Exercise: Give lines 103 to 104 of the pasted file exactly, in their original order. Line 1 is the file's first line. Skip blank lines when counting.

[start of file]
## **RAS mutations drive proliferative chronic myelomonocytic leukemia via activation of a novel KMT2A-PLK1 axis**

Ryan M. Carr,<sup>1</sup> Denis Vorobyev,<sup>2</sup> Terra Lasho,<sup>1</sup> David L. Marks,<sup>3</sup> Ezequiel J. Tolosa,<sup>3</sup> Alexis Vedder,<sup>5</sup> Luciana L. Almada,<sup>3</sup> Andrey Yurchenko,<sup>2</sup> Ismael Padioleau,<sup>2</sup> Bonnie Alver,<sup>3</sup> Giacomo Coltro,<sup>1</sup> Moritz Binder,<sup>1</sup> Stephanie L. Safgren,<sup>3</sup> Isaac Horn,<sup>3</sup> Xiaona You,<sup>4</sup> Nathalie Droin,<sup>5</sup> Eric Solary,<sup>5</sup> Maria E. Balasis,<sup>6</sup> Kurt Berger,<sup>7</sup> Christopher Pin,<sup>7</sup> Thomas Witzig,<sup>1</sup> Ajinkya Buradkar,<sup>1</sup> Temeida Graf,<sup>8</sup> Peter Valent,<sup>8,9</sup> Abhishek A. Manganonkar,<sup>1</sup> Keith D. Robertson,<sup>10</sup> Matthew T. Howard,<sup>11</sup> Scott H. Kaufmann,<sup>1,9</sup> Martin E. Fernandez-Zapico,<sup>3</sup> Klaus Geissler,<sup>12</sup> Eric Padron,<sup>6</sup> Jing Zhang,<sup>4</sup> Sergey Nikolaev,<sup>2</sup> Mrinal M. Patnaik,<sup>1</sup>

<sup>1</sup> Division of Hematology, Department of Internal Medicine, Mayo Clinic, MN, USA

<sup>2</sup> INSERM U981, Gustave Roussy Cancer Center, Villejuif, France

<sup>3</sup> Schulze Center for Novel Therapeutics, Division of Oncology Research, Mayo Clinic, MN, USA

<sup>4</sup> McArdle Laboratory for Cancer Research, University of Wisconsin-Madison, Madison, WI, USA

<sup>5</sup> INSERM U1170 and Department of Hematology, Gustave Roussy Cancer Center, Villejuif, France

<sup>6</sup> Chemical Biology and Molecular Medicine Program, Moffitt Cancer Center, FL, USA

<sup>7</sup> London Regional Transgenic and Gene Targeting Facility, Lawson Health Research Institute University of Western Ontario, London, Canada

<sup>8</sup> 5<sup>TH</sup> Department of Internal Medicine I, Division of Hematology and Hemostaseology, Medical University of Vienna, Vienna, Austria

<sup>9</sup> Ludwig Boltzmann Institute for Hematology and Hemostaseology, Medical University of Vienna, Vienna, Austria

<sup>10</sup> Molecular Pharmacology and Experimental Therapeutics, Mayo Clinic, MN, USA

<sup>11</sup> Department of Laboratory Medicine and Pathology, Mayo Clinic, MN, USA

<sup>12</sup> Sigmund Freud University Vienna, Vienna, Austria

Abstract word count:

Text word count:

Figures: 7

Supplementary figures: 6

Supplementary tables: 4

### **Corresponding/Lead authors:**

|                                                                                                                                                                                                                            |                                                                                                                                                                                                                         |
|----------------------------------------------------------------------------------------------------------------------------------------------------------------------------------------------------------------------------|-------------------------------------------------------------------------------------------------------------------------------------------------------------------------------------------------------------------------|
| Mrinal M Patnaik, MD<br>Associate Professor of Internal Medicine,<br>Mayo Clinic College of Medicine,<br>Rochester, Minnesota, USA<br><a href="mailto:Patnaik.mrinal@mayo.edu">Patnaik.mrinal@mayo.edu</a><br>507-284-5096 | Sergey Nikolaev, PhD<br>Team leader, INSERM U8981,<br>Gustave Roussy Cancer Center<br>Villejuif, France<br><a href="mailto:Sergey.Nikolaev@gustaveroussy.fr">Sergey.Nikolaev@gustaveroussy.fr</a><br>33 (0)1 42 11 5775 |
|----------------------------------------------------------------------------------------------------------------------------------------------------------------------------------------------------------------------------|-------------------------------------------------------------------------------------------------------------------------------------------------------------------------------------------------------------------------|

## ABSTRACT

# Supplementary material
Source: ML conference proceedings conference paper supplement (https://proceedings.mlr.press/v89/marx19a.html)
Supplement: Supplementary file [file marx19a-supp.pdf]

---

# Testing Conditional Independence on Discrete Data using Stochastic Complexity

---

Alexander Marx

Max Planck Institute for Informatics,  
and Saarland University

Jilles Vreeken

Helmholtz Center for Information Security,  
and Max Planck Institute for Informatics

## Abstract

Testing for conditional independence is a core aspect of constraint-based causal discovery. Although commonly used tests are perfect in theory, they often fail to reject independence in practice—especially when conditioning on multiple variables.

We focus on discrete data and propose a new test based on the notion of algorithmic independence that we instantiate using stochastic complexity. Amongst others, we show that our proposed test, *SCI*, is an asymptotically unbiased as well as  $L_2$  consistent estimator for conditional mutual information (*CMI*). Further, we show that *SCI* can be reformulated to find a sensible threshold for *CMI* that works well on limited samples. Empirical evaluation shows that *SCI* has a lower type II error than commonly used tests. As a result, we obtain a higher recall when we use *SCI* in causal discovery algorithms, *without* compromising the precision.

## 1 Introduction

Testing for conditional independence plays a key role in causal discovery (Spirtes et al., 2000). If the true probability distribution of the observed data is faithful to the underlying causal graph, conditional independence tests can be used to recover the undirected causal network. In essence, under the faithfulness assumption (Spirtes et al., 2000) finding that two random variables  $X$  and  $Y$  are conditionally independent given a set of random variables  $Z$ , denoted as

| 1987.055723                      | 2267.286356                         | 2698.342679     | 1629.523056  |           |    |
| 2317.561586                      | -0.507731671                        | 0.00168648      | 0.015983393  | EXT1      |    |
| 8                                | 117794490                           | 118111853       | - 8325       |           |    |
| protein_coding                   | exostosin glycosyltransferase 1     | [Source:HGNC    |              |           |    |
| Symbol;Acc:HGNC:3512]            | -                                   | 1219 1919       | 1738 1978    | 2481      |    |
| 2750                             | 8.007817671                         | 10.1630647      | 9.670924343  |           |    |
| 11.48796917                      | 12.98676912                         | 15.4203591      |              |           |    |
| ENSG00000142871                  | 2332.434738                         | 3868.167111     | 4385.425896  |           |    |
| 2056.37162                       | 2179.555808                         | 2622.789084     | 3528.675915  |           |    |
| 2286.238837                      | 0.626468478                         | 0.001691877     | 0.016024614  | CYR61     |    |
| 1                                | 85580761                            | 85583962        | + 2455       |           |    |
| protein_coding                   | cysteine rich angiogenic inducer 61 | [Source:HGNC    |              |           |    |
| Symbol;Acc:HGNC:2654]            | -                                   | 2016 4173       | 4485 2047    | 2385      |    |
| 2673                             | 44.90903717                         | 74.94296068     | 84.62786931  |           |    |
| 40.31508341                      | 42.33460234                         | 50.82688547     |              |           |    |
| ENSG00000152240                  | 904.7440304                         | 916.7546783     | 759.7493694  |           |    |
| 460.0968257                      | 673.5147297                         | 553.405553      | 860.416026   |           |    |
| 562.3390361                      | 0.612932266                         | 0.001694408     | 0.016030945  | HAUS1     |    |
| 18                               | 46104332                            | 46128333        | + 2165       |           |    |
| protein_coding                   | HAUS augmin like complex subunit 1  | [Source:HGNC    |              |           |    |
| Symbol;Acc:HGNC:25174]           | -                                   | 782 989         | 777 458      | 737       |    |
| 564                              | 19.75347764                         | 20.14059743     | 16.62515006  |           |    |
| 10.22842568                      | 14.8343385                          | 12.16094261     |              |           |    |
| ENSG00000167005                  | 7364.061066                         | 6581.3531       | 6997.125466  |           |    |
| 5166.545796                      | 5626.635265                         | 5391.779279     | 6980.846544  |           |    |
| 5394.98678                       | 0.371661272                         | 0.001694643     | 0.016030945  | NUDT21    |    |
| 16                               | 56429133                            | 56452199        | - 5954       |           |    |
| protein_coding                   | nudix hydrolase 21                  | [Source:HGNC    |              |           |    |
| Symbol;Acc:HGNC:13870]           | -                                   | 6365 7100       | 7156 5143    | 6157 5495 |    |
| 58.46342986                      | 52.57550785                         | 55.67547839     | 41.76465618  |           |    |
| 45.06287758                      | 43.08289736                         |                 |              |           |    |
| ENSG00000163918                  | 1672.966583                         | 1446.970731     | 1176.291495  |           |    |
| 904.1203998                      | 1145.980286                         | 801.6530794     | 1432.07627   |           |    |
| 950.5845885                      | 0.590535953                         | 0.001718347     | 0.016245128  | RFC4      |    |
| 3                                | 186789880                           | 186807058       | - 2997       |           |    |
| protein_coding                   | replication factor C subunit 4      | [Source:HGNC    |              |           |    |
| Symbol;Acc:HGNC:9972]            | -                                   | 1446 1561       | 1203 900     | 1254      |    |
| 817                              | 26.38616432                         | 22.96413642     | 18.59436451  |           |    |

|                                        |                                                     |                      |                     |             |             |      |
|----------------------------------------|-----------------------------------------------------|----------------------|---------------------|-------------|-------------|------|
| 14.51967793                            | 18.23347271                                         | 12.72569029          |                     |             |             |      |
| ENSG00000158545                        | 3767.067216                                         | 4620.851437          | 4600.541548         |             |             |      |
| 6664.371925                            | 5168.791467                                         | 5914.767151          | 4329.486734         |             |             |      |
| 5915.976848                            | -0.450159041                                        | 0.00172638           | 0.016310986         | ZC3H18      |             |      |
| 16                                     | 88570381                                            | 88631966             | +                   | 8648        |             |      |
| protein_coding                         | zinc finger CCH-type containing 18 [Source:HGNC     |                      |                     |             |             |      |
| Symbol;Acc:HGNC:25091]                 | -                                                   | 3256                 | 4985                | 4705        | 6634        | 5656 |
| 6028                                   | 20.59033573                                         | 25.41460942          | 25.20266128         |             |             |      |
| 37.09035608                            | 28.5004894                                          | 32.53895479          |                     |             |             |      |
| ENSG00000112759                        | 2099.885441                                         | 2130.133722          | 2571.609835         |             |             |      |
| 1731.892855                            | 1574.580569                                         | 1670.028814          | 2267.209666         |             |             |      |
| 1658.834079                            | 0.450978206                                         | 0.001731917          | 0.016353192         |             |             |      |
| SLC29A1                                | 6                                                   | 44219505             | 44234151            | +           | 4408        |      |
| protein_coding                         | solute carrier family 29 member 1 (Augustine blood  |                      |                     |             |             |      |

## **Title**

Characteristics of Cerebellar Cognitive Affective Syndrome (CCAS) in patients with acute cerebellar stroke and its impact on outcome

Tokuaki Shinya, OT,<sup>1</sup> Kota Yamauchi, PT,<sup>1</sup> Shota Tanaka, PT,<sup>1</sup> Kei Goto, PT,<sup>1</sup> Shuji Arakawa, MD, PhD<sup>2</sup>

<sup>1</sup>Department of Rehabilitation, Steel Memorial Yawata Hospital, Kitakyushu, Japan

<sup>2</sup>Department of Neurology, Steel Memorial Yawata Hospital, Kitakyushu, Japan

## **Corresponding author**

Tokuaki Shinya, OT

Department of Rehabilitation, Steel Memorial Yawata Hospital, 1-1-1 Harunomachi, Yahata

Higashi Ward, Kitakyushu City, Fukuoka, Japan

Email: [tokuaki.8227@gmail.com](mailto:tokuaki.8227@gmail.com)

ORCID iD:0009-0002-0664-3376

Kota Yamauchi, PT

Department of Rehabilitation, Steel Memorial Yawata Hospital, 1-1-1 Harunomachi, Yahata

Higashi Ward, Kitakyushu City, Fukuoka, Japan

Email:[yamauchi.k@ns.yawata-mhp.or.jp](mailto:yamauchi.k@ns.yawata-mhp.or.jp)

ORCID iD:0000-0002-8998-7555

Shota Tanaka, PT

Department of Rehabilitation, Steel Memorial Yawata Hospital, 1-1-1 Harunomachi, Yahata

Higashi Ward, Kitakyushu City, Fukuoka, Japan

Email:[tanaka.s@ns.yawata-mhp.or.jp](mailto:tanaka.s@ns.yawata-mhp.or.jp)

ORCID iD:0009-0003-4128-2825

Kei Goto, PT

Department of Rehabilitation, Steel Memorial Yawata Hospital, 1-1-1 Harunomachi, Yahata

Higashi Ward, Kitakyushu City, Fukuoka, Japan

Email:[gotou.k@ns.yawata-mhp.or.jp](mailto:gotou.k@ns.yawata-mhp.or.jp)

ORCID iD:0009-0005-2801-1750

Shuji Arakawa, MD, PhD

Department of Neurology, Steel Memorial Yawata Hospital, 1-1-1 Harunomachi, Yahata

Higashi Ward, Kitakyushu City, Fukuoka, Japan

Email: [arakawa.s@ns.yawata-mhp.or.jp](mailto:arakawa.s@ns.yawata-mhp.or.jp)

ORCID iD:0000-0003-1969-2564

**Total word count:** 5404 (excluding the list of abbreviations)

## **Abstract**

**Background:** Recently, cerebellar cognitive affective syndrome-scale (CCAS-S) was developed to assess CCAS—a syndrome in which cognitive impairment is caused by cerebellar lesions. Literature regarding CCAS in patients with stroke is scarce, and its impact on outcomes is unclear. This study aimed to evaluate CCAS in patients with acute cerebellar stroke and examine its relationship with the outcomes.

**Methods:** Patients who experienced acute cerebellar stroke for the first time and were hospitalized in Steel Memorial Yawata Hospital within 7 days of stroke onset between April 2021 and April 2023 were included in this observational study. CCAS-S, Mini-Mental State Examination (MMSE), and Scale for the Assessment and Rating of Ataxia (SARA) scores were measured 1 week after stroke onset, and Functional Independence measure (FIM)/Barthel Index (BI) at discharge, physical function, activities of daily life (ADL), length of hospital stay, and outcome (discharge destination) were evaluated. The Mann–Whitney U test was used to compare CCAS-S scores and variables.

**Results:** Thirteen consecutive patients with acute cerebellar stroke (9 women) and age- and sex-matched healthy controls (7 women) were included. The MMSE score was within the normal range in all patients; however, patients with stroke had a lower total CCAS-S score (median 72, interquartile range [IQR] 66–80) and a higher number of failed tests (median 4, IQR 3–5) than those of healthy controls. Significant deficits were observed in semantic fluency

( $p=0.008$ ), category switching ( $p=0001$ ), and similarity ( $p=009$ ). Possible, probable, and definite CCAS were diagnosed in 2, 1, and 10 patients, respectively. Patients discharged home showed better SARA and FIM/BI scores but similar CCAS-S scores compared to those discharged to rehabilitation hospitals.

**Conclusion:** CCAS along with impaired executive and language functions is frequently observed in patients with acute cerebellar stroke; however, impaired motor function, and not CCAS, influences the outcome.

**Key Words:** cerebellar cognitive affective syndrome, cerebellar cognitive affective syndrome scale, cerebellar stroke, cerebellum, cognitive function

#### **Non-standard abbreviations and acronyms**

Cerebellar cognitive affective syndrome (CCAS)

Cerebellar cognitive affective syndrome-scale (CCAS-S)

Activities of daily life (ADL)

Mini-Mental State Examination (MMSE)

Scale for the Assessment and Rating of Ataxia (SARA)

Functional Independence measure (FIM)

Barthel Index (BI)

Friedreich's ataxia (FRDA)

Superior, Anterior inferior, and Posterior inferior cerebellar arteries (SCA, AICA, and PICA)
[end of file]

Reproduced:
Tokuaki Shinya, OT

Department of Rehabilitation, Steel Memorial Yawata Hospital, 1-1-1 Harunomachi, Yahata